Conventionalism about property is the view that all moral duties correlative to property rights depend essentially either on the existence of a convention that assigns conventional ownership of objects, or on the existence of a body of positive law that confers legal property rights. It has been objected that, if Conventionalism about property is true, then it is impossible for someone to have her property right violated by someone who is not a member of the community in which her conventional property right is assigned. But it is possible. When Christopher Columbus sailed up to the island of Hispaniola in 1492, he and his sailors wronged the inhabitants by forcing them off their land. So, Conventionalism is false. This is the Outsider Challenge for Conventionalism. The Outsider Challenge (and its first premise, in particular) receives support from the Benefit Condition, according to which one can be morally obligated to comply with a conventional rule only if one benefits or has one’s interests protected by the convention of which it is a part. Despite its provenance and plausibility, however, I think that the Benefit Condition should be rejected. Doing so in a principled way allows us to square Conventionalism with our moral intuitions and, thus, address the Outsider Challenge. My main aim in this essay is to reject the Benefit Condition in one such principled way by providing a Contractualist answer to the question of when, and why, someone is morally required to respect another’s conventional property right. One is morally required to respect the conventional property rights of another when and because failing to do so would run afoul of the Principle of Established Practices (pep) – a principle for which I give a Contractualist justification. Roughly, the pep requires us to comply with sufficiently just social practices in the absence of special justification, and the fact that one’s interests are not protected by a property convention is not always a sufficiently strong reason for one to violate the duties assigned by that convention. Since the fact that one’s interests are not protected by a property convention is not necessarily a special justification for violating the pep, the pep gives us reason to reject the Benefit Condition and, thus, the Outsider Challenge, too.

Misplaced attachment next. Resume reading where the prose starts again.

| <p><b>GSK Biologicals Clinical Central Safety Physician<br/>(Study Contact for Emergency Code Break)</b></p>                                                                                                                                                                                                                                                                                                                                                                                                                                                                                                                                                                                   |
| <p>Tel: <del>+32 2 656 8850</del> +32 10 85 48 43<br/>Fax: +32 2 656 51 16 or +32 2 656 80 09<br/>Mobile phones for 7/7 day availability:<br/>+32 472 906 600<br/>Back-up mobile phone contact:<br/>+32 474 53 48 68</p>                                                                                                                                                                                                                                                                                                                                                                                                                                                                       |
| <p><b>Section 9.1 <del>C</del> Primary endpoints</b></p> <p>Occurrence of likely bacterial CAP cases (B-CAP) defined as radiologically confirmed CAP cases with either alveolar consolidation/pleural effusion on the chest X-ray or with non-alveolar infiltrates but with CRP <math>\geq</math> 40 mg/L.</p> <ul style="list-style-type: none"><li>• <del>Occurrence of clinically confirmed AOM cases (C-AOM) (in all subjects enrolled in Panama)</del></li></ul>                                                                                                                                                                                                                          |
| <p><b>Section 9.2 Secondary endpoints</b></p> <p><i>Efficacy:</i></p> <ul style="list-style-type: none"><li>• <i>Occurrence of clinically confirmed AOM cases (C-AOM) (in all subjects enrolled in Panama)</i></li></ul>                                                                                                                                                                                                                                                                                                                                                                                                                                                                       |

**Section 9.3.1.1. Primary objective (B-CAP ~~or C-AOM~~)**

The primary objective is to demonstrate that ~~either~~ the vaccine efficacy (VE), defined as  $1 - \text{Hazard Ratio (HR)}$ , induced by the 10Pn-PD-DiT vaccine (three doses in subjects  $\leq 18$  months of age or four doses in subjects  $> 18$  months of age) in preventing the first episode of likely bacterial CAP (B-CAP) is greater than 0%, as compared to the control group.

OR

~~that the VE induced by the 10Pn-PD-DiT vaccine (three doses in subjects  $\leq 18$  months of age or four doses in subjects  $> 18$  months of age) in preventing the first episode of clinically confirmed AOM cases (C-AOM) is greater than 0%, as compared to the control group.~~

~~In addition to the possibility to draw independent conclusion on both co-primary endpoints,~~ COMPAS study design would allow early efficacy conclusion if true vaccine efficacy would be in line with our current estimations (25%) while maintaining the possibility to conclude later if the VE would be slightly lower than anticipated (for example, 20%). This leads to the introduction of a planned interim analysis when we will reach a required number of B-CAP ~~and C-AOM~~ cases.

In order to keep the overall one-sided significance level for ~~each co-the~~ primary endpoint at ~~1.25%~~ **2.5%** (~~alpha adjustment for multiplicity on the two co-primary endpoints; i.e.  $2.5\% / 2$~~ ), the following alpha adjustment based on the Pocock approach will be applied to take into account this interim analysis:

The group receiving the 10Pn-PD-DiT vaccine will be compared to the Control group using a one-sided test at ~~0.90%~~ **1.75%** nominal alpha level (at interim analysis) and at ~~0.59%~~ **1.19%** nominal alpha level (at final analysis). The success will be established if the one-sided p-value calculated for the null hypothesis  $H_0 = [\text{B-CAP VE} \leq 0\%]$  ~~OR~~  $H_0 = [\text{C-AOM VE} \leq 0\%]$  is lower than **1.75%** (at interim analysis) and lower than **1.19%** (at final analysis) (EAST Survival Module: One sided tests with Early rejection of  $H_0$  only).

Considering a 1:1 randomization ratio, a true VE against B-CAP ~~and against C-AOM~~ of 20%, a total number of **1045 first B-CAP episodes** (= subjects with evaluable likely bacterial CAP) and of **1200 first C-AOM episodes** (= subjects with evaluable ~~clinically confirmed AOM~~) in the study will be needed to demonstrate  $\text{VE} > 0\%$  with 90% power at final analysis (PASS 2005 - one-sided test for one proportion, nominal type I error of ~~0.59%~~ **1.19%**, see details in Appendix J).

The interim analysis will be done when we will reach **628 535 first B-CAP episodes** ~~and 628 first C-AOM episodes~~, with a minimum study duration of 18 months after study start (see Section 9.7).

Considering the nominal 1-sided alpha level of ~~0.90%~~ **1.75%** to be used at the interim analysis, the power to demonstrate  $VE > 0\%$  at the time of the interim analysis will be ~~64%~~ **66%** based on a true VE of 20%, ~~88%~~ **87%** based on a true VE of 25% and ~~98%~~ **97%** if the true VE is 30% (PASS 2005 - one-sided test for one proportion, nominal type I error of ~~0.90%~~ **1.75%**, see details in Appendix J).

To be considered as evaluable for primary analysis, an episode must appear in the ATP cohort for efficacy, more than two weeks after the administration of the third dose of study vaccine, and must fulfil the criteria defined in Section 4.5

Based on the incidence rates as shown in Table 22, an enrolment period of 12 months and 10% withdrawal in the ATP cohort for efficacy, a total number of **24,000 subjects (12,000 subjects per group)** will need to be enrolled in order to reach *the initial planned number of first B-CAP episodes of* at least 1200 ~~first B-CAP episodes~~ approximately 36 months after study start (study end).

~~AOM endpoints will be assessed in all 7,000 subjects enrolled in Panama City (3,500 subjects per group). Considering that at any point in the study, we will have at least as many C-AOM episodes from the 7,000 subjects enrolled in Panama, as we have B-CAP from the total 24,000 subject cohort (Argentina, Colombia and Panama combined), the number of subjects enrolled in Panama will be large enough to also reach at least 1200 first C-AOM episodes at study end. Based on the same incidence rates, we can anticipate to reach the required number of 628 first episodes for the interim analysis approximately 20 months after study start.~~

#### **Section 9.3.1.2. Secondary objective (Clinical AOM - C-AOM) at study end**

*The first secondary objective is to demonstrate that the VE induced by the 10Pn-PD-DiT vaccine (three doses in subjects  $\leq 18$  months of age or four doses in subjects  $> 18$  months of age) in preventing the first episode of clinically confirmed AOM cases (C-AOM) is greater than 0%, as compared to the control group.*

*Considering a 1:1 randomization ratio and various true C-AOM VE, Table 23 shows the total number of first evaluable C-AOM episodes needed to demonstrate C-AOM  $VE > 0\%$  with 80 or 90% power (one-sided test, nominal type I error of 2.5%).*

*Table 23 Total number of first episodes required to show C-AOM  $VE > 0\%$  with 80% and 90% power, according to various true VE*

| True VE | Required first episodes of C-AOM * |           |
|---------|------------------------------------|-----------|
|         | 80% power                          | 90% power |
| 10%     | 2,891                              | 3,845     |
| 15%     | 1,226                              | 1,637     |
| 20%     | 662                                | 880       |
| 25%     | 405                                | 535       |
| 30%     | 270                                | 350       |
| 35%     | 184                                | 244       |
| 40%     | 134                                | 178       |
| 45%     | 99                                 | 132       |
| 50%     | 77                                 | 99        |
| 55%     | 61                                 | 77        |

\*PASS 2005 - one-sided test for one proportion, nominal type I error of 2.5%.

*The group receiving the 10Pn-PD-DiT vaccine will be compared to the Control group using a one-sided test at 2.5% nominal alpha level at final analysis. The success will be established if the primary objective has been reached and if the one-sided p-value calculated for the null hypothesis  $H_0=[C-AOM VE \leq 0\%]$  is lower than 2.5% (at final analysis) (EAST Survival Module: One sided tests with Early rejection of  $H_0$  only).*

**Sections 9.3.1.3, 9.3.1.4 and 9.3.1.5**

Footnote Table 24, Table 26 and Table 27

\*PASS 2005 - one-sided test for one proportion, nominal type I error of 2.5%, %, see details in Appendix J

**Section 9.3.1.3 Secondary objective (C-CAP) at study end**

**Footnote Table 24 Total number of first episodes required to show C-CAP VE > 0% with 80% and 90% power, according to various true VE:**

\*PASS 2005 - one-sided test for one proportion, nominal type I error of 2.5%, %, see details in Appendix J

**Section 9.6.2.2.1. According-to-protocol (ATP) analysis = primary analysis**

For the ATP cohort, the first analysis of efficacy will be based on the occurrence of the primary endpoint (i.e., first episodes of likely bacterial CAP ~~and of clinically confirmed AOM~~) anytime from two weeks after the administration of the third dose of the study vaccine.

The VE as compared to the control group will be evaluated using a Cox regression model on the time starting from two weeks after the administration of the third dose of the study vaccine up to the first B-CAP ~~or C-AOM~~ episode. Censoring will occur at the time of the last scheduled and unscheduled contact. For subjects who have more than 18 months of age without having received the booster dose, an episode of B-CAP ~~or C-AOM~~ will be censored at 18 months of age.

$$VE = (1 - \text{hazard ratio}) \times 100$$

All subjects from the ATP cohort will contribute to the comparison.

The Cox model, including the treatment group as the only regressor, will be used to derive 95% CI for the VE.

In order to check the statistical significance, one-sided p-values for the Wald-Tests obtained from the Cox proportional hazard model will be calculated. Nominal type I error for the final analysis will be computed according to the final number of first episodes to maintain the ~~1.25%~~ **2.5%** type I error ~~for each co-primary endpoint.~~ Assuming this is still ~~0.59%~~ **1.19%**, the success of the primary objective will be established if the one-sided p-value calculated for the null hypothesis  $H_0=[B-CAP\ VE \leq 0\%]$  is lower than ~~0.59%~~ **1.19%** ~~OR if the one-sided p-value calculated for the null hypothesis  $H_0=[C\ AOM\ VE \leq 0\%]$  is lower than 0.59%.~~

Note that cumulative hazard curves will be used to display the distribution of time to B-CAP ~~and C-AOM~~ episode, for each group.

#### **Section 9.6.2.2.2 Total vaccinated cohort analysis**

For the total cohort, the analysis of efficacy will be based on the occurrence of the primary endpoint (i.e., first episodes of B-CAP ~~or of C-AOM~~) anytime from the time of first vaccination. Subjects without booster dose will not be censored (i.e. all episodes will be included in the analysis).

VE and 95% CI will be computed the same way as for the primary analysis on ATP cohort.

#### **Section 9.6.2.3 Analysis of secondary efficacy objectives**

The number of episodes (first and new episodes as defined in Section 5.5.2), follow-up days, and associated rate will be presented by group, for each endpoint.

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- directed duty
- property right